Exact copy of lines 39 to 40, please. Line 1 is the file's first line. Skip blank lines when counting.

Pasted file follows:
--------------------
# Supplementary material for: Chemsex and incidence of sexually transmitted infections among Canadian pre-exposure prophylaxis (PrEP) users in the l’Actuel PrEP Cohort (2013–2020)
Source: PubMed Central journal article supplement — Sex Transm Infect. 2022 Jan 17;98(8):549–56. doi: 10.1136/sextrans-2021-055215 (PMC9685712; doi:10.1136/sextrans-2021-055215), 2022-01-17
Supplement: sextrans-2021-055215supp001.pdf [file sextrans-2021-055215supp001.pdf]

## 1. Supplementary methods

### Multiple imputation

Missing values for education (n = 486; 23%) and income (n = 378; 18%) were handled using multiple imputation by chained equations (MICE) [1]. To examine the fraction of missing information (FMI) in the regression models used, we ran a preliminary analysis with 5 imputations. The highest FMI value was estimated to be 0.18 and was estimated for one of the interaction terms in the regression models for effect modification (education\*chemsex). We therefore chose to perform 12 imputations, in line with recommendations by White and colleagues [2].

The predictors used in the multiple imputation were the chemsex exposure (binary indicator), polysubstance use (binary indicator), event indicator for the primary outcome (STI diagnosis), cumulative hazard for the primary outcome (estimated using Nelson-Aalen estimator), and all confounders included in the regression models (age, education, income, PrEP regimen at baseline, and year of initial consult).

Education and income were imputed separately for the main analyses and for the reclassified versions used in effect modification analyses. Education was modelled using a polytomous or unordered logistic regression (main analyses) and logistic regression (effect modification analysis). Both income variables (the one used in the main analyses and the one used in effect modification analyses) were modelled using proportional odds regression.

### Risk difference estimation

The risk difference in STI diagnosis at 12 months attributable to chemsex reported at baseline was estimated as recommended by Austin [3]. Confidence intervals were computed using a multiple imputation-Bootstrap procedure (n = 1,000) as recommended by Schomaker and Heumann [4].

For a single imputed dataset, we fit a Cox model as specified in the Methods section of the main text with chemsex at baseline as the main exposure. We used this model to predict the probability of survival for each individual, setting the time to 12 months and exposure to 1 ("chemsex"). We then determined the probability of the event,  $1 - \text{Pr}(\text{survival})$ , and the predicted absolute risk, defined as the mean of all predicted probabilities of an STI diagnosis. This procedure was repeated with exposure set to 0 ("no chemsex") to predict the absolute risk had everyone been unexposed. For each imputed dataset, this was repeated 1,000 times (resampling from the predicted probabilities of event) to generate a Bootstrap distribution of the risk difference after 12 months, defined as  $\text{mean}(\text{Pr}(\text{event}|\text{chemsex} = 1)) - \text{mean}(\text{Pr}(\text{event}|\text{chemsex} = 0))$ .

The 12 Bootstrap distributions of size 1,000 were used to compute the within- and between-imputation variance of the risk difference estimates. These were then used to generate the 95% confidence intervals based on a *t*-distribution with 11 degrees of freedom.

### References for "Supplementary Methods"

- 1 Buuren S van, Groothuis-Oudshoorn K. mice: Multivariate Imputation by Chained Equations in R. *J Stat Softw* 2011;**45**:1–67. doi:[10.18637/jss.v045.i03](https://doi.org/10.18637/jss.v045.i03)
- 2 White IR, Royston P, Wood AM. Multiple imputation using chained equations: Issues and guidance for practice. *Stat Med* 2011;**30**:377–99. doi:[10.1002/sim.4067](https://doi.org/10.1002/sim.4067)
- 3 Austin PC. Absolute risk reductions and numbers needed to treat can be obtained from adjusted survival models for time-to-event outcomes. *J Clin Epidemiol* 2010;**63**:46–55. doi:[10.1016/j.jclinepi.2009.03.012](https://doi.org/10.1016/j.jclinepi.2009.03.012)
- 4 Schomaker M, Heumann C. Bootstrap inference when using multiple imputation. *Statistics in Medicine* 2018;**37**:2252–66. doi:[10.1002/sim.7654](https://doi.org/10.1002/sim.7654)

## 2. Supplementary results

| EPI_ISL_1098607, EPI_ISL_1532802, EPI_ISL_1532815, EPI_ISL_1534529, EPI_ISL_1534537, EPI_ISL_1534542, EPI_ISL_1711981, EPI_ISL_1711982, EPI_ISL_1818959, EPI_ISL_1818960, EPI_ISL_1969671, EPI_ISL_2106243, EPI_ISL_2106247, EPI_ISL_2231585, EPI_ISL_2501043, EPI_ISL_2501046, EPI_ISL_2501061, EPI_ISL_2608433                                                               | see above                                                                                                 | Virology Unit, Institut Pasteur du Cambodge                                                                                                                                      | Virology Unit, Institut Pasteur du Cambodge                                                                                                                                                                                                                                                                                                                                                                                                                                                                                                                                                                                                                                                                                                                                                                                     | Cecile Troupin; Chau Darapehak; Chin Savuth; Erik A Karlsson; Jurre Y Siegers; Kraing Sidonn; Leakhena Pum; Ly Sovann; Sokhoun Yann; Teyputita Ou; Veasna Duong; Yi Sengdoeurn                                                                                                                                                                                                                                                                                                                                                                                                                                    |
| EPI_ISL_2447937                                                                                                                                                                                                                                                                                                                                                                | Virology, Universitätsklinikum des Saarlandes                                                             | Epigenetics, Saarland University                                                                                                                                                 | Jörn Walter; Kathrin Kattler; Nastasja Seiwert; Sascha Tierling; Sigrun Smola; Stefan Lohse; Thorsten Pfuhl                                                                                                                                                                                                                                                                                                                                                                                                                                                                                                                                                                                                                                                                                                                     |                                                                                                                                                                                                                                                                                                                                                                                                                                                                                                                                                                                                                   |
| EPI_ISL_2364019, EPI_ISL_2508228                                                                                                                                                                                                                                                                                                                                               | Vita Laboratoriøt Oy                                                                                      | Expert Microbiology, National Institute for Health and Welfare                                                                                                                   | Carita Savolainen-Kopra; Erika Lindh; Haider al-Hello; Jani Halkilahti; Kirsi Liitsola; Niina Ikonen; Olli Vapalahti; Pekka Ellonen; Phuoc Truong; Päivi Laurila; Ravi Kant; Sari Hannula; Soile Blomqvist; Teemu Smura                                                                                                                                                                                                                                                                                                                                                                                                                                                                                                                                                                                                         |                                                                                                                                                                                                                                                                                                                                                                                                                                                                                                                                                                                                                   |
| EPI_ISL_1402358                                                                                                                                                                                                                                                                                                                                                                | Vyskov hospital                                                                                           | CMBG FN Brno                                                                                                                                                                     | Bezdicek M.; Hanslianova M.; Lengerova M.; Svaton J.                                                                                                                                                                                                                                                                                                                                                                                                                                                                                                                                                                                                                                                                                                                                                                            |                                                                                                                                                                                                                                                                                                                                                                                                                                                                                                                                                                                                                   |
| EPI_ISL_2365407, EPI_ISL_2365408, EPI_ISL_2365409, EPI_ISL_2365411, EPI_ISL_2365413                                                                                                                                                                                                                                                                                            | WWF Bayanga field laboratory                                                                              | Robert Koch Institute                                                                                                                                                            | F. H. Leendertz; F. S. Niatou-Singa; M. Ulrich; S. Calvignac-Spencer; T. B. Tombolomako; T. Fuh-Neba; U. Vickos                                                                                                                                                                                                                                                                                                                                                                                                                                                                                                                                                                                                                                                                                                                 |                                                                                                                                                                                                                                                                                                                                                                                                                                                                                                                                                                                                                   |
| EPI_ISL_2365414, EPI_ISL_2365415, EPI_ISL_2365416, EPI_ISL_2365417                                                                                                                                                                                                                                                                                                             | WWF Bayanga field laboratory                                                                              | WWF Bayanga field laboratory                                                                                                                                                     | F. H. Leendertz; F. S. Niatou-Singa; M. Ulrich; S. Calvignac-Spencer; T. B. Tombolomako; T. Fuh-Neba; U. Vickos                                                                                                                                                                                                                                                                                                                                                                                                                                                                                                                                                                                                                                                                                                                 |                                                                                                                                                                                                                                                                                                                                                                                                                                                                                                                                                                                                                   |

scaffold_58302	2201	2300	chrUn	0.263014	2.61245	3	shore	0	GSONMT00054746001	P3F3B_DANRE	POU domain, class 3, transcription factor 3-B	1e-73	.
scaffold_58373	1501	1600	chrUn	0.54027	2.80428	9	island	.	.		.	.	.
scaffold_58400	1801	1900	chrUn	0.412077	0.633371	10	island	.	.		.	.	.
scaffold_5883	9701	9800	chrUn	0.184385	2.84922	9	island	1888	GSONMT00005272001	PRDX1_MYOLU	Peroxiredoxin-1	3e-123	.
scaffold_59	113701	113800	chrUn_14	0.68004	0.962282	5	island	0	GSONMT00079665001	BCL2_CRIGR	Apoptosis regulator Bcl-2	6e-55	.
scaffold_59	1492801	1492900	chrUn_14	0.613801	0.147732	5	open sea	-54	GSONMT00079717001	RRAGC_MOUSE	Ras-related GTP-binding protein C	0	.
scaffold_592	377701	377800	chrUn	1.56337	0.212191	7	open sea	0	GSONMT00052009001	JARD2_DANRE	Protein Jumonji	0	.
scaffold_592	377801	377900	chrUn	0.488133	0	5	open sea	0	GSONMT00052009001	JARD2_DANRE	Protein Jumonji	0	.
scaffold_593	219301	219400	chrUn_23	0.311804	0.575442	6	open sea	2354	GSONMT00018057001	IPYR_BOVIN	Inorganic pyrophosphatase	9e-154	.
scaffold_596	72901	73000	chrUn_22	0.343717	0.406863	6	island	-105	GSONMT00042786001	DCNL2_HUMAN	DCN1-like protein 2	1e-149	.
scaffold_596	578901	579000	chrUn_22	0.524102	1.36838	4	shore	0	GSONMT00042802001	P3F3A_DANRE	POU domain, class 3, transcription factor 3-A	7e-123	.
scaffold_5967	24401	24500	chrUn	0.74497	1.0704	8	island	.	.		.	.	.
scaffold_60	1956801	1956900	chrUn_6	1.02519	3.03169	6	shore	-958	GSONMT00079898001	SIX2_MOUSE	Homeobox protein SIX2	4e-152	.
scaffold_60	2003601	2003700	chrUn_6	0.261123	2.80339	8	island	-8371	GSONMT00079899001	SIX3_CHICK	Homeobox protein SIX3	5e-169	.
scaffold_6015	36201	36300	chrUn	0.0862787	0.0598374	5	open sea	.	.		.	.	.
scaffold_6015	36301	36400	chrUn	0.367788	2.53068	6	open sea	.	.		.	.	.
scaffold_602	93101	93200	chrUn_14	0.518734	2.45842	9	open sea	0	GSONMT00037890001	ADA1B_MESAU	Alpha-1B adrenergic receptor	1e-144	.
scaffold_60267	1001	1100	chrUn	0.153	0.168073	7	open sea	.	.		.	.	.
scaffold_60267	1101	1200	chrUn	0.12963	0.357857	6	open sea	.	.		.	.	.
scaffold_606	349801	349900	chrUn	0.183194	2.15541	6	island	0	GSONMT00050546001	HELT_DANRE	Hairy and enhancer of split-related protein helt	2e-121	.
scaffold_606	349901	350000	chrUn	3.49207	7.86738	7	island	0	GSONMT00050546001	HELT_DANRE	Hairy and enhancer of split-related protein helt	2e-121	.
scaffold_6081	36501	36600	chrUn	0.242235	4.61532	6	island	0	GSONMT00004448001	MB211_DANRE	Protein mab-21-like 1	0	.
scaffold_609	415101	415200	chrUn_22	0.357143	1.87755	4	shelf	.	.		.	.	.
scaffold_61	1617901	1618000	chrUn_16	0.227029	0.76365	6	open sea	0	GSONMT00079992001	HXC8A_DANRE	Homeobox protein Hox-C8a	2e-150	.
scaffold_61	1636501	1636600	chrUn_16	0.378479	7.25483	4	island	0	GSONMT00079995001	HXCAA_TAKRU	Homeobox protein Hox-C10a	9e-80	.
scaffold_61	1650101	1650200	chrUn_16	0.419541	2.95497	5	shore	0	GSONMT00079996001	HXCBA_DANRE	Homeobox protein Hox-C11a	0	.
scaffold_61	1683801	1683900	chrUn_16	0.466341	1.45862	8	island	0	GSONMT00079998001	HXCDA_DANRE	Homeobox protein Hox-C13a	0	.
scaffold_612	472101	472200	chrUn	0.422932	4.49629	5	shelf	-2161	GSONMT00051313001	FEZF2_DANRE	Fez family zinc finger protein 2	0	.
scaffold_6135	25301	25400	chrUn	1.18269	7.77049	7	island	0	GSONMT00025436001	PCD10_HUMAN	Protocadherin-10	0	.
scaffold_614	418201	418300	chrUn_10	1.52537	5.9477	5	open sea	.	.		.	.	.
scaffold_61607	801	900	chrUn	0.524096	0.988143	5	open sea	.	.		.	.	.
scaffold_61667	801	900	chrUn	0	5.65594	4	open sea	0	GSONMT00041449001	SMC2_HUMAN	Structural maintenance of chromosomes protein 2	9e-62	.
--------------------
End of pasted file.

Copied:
scaffold_6015	36201	36300	chrUn	0.0862787	0.0598374	5	open sea	.	.		.	.	.
scaffold_6015	36301	36400	chrUn	0.367788	2.53068	6	open sea	.	.		.	.	.